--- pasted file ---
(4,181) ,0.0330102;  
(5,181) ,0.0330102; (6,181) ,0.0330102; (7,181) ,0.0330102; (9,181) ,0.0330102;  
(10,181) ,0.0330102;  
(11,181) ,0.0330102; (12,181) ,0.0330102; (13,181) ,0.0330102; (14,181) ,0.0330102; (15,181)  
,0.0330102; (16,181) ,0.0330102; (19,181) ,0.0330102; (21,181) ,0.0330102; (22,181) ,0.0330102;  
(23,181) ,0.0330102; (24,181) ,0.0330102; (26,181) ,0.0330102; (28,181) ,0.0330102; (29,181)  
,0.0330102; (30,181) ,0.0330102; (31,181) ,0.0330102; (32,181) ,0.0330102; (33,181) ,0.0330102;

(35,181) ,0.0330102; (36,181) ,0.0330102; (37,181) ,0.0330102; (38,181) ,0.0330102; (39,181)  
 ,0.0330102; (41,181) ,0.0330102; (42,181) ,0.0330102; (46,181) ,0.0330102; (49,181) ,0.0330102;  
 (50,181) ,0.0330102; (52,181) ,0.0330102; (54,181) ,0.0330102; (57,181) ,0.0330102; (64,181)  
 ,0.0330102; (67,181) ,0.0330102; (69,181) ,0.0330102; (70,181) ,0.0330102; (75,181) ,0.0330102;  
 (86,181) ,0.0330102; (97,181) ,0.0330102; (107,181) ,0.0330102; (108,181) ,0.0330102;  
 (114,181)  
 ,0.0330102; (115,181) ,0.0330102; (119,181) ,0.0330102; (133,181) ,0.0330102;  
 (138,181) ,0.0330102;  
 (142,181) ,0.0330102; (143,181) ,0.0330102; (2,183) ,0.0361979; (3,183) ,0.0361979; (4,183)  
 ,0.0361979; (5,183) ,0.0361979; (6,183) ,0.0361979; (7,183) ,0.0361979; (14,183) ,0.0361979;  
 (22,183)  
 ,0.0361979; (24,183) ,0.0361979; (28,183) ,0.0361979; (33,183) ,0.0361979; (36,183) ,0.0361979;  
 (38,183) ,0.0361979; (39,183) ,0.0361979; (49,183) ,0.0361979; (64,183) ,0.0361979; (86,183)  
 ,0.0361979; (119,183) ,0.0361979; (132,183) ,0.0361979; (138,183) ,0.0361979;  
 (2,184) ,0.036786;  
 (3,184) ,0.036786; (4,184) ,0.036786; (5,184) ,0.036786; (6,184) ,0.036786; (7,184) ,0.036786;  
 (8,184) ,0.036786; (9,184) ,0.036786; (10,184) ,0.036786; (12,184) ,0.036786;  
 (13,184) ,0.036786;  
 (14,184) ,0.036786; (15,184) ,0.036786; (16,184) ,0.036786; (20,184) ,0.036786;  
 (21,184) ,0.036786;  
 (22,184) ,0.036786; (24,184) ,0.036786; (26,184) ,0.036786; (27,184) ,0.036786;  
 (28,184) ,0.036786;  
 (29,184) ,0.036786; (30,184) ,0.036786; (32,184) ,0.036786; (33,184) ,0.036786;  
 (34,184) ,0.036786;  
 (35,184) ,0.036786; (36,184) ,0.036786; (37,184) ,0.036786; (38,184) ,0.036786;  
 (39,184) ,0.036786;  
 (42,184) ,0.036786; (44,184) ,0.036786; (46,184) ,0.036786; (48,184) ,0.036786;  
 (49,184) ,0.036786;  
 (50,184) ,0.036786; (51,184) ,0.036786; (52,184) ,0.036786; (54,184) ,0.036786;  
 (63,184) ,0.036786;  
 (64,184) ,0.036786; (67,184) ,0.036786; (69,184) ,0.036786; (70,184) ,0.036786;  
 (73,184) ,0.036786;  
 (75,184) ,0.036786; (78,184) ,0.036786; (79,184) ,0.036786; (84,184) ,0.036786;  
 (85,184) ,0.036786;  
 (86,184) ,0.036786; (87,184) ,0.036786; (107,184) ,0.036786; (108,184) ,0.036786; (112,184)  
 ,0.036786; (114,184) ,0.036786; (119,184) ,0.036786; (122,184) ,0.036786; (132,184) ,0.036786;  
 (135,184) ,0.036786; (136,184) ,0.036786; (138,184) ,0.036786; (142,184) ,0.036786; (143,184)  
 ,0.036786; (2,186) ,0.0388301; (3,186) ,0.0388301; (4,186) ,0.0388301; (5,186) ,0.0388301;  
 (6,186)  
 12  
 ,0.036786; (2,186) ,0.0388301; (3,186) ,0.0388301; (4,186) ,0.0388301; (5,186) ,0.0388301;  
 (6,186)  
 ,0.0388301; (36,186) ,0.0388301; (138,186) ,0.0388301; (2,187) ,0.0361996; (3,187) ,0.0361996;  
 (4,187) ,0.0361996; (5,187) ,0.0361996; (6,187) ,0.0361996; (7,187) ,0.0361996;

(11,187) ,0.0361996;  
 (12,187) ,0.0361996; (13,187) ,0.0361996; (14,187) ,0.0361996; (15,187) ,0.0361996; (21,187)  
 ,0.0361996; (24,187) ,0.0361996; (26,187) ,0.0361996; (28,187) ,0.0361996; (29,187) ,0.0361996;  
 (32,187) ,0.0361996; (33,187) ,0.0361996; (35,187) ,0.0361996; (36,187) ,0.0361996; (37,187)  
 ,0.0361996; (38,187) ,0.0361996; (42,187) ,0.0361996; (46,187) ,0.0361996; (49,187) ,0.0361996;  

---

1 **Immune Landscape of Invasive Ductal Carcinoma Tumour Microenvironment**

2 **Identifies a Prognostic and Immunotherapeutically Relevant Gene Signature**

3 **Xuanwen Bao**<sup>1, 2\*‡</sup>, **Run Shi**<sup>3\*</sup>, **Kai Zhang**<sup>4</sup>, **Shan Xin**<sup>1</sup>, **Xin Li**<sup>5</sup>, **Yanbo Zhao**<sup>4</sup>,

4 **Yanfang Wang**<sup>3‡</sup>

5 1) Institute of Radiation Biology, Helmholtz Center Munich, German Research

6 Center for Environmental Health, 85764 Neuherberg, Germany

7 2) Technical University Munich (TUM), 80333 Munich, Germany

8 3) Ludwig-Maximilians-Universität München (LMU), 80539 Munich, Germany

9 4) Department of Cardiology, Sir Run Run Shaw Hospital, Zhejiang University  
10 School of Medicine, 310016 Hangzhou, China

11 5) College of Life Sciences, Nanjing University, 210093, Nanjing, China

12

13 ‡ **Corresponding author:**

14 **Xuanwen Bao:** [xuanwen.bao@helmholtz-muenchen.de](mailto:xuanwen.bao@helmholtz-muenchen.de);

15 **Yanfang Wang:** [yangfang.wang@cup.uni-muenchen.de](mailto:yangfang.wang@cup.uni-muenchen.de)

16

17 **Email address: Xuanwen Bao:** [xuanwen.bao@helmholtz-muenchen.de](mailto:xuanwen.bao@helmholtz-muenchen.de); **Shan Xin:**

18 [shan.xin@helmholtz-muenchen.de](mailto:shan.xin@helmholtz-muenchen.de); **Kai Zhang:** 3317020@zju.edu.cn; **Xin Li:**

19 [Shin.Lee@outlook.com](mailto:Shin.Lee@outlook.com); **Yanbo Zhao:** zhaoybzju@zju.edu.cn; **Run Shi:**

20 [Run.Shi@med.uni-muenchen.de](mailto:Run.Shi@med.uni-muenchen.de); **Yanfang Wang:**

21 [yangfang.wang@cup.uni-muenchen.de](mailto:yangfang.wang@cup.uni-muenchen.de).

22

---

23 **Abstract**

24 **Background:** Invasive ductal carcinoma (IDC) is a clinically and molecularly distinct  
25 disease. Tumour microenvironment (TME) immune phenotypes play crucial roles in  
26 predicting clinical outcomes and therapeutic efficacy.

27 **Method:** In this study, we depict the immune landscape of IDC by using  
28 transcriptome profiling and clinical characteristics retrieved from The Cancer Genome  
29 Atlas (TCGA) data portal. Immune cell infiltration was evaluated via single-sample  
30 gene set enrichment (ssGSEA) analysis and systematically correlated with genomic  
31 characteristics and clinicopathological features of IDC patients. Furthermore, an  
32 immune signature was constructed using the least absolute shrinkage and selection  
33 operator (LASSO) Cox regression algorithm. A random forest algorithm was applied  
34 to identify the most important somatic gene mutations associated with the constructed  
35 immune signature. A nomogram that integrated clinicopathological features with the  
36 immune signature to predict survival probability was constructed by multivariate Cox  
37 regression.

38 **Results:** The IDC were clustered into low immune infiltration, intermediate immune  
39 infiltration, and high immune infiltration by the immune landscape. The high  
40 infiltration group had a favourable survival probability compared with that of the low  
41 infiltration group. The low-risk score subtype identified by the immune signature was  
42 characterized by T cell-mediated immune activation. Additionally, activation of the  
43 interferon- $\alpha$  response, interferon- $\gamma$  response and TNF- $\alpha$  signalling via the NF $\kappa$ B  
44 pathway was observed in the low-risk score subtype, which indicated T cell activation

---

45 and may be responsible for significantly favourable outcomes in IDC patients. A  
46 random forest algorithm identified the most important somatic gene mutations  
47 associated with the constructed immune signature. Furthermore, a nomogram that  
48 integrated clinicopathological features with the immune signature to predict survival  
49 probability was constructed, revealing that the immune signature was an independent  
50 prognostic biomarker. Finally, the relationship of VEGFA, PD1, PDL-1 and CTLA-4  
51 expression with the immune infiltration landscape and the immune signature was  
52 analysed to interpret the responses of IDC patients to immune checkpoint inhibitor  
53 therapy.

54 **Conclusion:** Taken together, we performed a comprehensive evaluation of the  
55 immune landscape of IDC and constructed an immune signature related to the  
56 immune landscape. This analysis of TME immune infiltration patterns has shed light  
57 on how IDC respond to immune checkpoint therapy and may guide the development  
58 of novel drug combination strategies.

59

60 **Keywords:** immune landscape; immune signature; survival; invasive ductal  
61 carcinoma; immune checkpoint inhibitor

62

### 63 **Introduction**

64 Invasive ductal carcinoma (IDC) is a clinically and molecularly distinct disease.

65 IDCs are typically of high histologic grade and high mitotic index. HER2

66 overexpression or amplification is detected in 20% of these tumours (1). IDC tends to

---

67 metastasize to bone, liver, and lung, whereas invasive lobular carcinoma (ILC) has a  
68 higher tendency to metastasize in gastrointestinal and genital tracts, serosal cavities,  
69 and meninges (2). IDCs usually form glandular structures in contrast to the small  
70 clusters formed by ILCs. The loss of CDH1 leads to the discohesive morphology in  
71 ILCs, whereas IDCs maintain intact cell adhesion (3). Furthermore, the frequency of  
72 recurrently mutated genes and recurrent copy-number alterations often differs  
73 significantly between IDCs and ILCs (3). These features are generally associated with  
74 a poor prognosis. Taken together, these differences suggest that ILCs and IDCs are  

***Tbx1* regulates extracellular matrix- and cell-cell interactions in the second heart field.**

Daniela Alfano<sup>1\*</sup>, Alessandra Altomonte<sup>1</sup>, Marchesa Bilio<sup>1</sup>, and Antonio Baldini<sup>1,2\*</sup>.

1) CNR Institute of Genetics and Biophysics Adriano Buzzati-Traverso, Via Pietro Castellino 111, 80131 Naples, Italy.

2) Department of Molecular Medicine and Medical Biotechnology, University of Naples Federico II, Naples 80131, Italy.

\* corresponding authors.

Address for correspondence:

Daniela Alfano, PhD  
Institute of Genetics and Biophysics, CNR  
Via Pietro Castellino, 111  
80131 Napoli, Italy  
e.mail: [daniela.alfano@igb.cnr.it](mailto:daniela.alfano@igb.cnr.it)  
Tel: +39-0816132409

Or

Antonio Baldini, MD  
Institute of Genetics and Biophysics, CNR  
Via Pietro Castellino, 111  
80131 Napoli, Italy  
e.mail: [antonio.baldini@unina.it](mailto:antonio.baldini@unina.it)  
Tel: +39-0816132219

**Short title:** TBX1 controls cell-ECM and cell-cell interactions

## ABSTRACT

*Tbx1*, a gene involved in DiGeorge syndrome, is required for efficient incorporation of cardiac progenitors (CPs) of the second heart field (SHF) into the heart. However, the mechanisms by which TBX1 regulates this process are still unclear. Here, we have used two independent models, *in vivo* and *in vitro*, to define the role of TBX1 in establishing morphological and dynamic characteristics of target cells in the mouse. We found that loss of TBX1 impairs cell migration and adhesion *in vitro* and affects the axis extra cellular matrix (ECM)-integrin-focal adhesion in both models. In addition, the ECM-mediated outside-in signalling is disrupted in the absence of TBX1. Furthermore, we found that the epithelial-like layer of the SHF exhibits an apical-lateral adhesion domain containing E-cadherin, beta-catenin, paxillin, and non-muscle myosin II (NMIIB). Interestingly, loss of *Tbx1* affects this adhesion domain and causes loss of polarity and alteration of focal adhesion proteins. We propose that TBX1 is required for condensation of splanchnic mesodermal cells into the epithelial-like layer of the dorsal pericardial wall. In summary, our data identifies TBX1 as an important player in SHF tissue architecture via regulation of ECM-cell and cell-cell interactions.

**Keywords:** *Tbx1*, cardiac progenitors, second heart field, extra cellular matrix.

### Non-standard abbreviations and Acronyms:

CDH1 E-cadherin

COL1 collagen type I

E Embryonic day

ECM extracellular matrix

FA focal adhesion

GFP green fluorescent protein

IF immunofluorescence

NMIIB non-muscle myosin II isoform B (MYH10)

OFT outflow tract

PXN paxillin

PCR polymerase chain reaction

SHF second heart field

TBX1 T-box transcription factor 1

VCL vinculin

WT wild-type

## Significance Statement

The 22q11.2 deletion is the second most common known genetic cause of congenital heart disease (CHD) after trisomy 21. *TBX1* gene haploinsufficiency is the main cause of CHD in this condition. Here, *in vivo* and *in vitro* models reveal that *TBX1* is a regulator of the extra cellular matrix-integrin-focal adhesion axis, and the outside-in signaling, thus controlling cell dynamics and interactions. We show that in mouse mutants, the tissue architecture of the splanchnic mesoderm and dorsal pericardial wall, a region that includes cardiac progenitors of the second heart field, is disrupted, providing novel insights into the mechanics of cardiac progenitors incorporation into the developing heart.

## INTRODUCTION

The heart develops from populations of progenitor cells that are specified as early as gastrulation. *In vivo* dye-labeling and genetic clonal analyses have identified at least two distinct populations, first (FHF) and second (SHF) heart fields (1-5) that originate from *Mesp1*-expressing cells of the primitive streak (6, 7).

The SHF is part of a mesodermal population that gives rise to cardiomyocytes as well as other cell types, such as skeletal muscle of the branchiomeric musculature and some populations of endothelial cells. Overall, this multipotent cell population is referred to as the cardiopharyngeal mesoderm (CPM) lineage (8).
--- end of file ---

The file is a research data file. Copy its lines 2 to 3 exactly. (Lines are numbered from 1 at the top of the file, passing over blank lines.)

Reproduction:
(5,181) ,0.0330102; (6,181) ,0.0330102; (7,181) ,0.0330102; (9,181) ,0.0330102;  
(10,181) ,0.0330102;  